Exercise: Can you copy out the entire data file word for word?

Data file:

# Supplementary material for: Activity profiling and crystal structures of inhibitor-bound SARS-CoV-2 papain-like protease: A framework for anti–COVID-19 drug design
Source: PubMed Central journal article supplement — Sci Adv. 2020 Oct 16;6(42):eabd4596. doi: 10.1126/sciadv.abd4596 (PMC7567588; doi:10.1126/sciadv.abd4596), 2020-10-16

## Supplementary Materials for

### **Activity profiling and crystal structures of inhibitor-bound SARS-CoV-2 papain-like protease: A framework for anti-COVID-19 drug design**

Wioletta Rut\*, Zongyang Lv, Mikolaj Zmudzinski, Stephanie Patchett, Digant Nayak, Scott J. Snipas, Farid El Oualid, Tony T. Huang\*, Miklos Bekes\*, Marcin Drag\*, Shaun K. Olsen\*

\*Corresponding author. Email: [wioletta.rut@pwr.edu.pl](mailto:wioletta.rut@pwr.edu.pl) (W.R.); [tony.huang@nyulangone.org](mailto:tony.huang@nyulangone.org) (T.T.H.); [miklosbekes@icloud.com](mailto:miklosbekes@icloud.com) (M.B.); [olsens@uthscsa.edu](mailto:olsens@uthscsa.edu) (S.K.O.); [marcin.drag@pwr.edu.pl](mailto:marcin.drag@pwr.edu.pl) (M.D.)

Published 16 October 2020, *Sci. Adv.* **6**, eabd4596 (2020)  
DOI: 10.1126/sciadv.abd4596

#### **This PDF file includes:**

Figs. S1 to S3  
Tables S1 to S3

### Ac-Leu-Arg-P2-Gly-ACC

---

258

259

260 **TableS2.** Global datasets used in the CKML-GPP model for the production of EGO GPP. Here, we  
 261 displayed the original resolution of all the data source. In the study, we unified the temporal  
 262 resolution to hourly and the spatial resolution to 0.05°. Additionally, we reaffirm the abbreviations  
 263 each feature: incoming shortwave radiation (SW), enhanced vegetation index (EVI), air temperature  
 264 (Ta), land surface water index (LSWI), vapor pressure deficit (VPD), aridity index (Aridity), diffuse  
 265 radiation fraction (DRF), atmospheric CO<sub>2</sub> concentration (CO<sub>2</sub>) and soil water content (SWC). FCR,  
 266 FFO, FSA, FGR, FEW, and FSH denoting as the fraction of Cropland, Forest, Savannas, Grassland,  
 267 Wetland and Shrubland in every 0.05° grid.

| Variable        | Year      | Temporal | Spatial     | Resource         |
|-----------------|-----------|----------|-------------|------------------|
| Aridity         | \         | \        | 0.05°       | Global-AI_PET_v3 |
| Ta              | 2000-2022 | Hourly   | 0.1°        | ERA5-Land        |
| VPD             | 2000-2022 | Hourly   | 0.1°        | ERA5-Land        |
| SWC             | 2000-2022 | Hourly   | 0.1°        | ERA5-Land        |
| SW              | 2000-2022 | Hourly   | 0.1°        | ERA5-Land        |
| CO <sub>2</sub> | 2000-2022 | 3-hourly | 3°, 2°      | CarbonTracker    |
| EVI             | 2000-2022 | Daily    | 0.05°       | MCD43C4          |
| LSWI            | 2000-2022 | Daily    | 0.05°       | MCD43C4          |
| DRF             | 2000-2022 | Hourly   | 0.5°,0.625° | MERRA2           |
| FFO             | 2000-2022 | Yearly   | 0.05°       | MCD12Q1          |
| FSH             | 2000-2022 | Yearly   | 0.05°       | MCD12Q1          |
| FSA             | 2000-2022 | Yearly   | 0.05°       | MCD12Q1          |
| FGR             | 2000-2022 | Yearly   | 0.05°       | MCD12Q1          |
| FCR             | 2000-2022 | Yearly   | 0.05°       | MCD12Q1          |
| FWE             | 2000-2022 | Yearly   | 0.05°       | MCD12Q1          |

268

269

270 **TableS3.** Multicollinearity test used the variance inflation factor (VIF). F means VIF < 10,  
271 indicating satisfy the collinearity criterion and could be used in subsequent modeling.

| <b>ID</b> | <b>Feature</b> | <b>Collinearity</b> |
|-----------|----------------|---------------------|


# Supplementary material for: Activity profiling and crystal structures of inhibitor-bound SARS-CoV-2 papain-like protease: A framework for anti–COVID-19 drug design
Source: PubMed Central journal article supplement — Sci Adv. 2020 Oct 16;6(42):eabd4596. doi: 10.1126/sciadv.abd4596 (PMC7567588; doi:10.1126/sciadv.abd4596), 2020-10-16

## Supplementary Materials for

### **Activity profiling and crystal structures of inhibitor-bound SARS-CoV-2 papain-like protease: A framework for anti-COVID-19 drug design**

Wioletta Rut\*, Zongyang Lv, Mikolaj Zmudzinski, Stephanie Patchett, Digant Nayak, Scott J. Snipas, Farid El Oualid, Tony T. Huang\*, Miklos Bekes\*, Marcin Drag\*, Shaun K. Olsen\*

\*Corresponding author. Email: [wioletta.rut@pwr.edu.pl](mailto:wioletta.rut@pwr.edu.pl) (W.R.); [tony.huang@nyulangone.org](mailto:tony.huang@nyulangone.org) (T.T.H.); [miklosbekes@icloud.com](mailto:miklosbekes@icloud.com) (M.B.); [olsens@uthscsa.edu](mailto:olsens@uthscsa.edu) (S.K.O.); [marcin.drag@pwr.edu.pl](mailto:marcin.drag@pwr.edu.pl) (M.D.)

Published 16 October 2020, *Sci. Adv.* **6**, eabd4596 (2020)  
DOI: 10.1126/sciadv.abd4596

#### **This PDF file includes:**

Figs. S1 to S3  
Tables S1 to S3

### Ac-Leu-Arg-P2-Gly-ACC

---

258

259

260 **TableS2.** Global datasets used in the CKML-GPP model for the production of EGO GPP. Here, we  
 261 displayed the original resolution of all the data source. In the study, we unified the temporal  
 262 resolution to hourly and the spatial resolution to 0.05°. Additionally, we reaffirm the abbreviations  
 263 each feature: incoming shortwave radiation (SW), enhanced vegetation index (EVI), air temperature  
 264 (Ta), land surface water index (LSWI), vapor pressure deficit (VPD), aridity index (Aridity), diffuse  
 265 radiation fraction (DRF), atmospheric CO<sub>2</sub> concentration (CO<sub>2</sub>) and soil water content (SWC). FCR,  
 266 FFO, FSA, FGR, FEW, and FSH denoting as the fraction of Cropland, Forest, Savannas, Grassland,  
 267 Wetland and Shrubland in every 0.05° grid.

| Variable        | Year      | Temporal | Spatial     | Resource         |
|-----------------|-----------|----------|-------------|------------------|
| Aridity         | \         | \        | 0.05°       | Global-AI_PET_v3 |
| Ta              | 2000-2022 | Hourly   | 0.1°        | ERA5-Land        |
| VPD             | 2000-2022 | Hourly   | 0.1°        | ERA5-Land        |
| SWC             | 2000-2022 | Hourly   | 0.1°        | ERA5-Land        |
| SW              | 2000-2022 | Hourly   | 0.1°        | ERA5-Land        |
| CO <sub>2</sub> | 2000-2022 | 3-hourly | 3°, 2°      | CarbonTracker    |
| EVI             | 2000-2022 | Daily    | 0.05°       | MCD43C4          |
| LSWI            | 2000-2022 | Daily    | 0.05°       | MCD43C4          |
| DRF             | 2000-2022 | Hourly   | 0.5°,0.625° | MERRA2           |
| FFO             | 2000-2022 | Yearly   | 0.05°       | MCD12Q1          |
| FSH             | 2000-2022 | Yearly   | 0.05°       | MCD12Q1          |
| FSA             | 2000-2022 | Yearly   | 0.05°       | MCD12Q1          |
| FGR             | 2000-2022 | Yearly   | 0.05°       | MCD12Q1          |
| FCR             | 2000-2022 | Yearly   | 0.05°       | MCD12Q1          |
| FWE             | 2000-2022 | Yearly   | 0.05°       | MCD12Q1          |

268

269

270 **TableS3.** Multicollinearity test used the variance inflation factor (VIF). F means VIF < 10,  
271 indicating satisfy the collinearity criterion and could be used in subsequent modeling.

| <b>ID</b> | <b>Feature</b> | <b>Collinearity</b> |
|-----------|----------------|---------------------|